Hiking briskly down the forest trail towards Reef Bay, I was hoping to reach the bay trees while there was still enough light to take some photos and then return before sunset. By then the shadows on the path could make the climb back uphill perilous rather than just exhausting.
On bright days the bay tree grove provides a welcome relief from the heat of the open trail. The high canopy of trees provides shade, and there is usually at least a trickle through the gut that waters the trees before running down towards the east end of Fish Bay. The cool, quiet air is scented by the bay oil, and who can resist reaching up to catch some low-hanging leaves and crushing them to release the spicy fragrance. If any mosquitoes come by, rubbing the oil on your skin should keep them away.
There isn’t much underbrush, and the smooth tree trunks seem to glow slightly in the shadowy forest. It is a place that seems timeless, removed from the noisy activity in other parts of the island, and the seascapes that generally define the visual experience of the place.
But why are these trees here? Are they remnants from a ruined plantation nearby, or just naturally enjoying this spot?
I have seen the bay trees on the loop trail across from Cinnamon Bay, and I know that bay oil production was an important industry on St. John at one time. In fact, when the islands were sold to the United States in 1917, it was the only significant commercial activity, and St. John’s trees were world-renowned for their excellent quality.
You can see the remains of the still that was used to produce bay oil among the ruins near Cinnamon Bay. The bay rum factory operated there from 1903 up until the end of World War II. Those bay trees were cultivated by the Danish West India Plantation Company, which bought the land around Cinnamon Bay in 1903 and produced oil for bay rum manufacturers on St. Thomas. The bay oil was distilled from the leaves, mixed with rum from St. Croix, and distilled again, with spices added, to create the bay rum after shave lotion.
There were already bay trees on St. John when the Europeans first arrived, used by the earlier inhabitants to flavor their food and drinks. Only the Europeans called these trees (whose Latin name is Pimenta racemosa) other names, including wild cinnamon, or wild ‘caneel’, the Dutch word for cinnamon - and named some of the bays on St. John in a way that confuses people looking for cinnamon trees.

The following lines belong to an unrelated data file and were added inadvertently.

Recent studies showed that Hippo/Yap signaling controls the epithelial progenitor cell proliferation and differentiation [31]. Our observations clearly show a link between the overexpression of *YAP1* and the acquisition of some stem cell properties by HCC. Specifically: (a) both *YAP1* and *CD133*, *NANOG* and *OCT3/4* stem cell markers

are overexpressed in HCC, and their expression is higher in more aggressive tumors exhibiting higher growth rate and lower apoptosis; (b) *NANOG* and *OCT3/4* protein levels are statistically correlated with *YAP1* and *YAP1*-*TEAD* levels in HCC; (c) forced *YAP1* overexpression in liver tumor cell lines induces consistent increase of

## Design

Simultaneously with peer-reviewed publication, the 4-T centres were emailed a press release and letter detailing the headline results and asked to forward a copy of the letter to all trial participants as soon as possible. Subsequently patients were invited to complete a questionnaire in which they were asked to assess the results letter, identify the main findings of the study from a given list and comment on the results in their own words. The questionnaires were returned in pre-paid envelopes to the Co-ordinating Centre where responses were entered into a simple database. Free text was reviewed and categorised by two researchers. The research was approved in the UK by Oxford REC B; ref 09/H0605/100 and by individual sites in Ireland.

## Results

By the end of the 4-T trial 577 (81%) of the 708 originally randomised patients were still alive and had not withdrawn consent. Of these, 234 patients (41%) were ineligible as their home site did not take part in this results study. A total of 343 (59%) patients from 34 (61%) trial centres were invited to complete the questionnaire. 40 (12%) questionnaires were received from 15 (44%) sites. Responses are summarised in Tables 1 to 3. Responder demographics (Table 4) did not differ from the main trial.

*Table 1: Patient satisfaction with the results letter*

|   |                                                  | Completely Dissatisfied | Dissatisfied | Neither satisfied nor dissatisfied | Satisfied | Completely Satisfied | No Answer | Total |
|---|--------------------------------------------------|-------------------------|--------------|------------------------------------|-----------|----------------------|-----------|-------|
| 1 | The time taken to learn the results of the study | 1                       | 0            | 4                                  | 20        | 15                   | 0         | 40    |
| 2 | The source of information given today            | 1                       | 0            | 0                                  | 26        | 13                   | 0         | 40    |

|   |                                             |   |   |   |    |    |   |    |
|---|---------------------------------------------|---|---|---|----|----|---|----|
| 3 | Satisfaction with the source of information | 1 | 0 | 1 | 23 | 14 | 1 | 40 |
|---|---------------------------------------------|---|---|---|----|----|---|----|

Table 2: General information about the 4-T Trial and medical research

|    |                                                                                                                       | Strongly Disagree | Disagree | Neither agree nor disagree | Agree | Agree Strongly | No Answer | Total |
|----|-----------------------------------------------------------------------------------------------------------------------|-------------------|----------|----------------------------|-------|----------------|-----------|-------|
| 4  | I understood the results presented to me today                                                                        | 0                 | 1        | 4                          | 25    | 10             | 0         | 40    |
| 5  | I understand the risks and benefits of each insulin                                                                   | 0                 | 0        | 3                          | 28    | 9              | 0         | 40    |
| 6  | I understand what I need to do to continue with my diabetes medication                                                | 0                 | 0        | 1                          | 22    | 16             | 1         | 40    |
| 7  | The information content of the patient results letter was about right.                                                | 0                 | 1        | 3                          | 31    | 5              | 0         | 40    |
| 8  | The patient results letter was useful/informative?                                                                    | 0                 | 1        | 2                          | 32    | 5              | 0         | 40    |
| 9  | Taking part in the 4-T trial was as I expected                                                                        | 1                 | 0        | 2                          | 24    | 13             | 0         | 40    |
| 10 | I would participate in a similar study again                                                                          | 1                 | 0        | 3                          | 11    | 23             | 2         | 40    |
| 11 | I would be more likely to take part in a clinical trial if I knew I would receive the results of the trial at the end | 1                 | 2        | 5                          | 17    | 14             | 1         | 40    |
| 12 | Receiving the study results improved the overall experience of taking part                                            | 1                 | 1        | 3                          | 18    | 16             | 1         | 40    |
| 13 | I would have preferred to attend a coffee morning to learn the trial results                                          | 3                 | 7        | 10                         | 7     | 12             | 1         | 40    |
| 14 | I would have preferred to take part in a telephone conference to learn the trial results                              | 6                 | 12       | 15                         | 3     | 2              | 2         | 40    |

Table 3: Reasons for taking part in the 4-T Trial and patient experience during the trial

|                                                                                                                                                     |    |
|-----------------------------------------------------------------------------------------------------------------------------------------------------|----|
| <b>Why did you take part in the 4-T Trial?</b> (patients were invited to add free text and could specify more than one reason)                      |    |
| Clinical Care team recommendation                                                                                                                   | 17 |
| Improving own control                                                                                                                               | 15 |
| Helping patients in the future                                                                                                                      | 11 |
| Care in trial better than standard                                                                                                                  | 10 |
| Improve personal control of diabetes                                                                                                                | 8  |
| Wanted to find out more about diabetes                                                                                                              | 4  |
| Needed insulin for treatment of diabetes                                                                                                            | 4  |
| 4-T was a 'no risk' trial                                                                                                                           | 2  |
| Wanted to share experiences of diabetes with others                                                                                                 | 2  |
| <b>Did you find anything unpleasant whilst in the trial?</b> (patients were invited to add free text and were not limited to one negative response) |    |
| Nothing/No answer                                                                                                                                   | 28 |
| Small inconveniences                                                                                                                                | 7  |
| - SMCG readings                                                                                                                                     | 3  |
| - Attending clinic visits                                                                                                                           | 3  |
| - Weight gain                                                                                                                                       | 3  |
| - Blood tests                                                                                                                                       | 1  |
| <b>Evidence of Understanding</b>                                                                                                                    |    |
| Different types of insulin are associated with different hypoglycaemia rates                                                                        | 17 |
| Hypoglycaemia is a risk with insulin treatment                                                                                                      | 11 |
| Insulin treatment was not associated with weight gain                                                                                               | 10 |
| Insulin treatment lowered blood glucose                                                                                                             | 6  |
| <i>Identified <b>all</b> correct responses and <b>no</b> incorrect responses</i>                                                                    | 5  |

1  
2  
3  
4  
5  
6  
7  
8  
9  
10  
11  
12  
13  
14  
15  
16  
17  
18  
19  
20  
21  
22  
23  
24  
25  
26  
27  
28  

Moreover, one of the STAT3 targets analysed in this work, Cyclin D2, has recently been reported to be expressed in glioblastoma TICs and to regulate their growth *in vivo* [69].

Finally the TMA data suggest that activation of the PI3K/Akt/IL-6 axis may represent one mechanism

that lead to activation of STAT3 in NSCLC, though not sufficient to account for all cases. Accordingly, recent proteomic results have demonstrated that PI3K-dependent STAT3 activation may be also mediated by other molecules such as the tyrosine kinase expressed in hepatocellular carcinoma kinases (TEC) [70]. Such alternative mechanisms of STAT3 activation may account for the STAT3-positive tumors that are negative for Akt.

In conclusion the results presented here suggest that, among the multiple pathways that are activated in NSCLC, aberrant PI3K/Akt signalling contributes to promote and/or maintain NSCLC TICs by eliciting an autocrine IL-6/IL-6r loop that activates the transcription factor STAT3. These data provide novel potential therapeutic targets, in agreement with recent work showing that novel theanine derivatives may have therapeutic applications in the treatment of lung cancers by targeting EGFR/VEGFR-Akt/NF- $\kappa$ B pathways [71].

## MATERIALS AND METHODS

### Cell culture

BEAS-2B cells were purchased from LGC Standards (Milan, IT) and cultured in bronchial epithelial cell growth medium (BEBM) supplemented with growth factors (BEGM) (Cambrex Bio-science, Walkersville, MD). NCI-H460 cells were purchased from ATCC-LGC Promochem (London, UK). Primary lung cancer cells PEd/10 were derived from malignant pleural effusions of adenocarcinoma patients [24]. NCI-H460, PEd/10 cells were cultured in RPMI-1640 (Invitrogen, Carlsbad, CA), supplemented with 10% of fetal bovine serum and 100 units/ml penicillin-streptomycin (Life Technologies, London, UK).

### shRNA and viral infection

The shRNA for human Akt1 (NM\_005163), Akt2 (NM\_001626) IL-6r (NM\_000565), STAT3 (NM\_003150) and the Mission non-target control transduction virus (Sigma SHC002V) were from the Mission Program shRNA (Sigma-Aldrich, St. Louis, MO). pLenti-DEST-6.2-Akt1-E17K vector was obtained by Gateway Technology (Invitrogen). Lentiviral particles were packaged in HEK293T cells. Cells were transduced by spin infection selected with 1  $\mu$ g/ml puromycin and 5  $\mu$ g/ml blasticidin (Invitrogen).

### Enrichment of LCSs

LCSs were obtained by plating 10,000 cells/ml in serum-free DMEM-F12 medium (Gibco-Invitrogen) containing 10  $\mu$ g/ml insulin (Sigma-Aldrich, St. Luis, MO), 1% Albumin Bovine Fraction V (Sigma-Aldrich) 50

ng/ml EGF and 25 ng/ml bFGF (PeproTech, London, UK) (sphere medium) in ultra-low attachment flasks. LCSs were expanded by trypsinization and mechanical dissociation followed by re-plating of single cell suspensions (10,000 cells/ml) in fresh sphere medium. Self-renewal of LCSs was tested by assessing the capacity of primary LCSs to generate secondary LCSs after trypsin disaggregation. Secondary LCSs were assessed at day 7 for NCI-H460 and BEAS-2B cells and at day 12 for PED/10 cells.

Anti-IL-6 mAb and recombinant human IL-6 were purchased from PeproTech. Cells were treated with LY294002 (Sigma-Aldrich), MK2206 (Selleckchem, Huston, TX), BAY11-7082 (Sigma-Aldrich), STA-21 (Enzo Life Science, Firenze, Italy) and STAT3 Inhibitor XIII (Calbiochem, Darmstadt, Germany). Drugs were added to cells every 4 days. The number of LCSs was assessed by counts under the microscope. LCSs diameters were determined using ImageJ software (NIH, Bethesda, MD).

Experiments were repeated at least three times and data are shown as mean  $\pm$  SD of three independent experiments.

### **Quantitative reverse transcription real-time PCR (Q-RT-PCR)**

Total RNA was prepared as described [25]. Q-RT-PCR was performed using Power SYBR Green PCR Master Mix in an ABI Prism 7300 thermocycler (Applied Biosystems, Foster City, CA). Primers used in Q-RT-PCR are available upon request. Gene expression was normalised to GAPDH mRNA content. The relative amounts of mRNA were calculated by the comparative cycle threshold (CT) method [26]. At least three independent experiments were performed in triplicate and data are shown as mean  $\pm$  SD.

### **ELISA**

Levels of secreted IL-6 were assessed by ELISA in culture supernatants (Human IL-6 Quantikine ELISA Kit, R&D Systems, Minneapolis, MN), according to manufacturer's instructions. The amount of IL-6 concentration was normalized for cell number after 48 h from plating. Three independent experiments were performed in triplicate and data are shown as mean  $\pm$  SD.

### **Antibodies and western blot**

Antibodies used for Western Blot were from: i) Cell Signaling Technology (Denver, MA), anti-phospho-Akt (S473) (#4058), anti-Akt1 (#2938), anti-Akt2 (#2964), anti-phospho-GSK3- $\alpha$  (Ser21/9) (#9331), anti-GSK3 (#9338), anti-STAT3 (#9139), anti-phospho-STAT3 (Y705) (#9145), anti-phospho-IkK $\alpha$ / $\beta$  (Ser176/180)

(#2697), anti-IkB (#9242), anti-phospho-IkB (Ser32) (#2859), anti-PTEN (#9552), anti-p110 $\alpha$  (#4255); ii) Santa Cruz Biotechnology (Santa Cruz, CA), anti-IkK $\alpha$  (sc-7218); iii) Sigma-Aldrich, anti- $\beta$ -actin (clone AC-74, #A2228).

The cinnamon most of us are familiar with (Cinnamon zeylanicum), is a member of the laurel family, not the myrtle family like the bay trees, and comes from Asia, particularly the island of Sri Lanka off the coast of India, formerly the British colony of Ceylon.
To add to the confusion there is another tree called wild cinnamon (Canela winterana) that is native to the Virgin Islands, and its bark was also sometimes used similarly as a spice.
Meanwhile, I learned that the bay leaves you cook with are not the same ones that are used to produce bay rum. The cooking ones are from the laurel family, and are generally used as a savory flavoring in Mediterranean cuisine.
Robert Nicholls, author of the great book Remarkable Big Trees in the US Virgin Islands, wrote an article about ‘Medicinal Trees of the US Virgin Islands and Neighboring Islands’ that outlines the folk-medicinal uses of ten local trees, including the bay rum tree. He reports that Virgin Islanders traditionally used bay leaves for digestive purposes, to quiet upset stomachs and as an appetite stimulant. Also, someone with a cold or fever might be treated by putting bay leaves over their body, or making a tea to get rid of the chills. Rubbing the leaves on your skin can relive pain and soothe irritations.
For me the smell of the crushed bay leaves brings up childhood memories of my father in New York, freshly shaved and dressed in his suit, leaning down to kiss me on his way out in the morning. Bay rum was a very popular after shave lotion then, sold in all the best stores.
Actually, I began researching bay oil and bay rum production in connection with a project for the United Nations Development Program about sustainable livelihoods based on products made from indigenous plants and trees. From one of the case studies, I learned that on Dominica the members of an Essential Oils and Spices Cooperative are producing bay oil for use in perfumes and cosmetics. Dominica is currently the main producer of bay oil, with exports to the US, Europe and the UK.
I have also come across a number of recipes for making your own bay rum skin lotion at home by soaking bay leaves in alcohol. One calls for putting a couple of leaves in a large sealed jar for a few weeks in a dark cool place (but not in the refrigerator) with 4 ounces of vodka, 2 tablespoons of rum, some allspice, a broken up stick of cinnamon, and some orange peel zest.
It sounds like a good punch recipe, but they warn that the bay leaves will make the concoction toxic to drink. After a few weeks of steeping, you can strain off the liquid and slap it on your face, or wherever. I can’t wait to whip some up as presents for the debonair men in my life.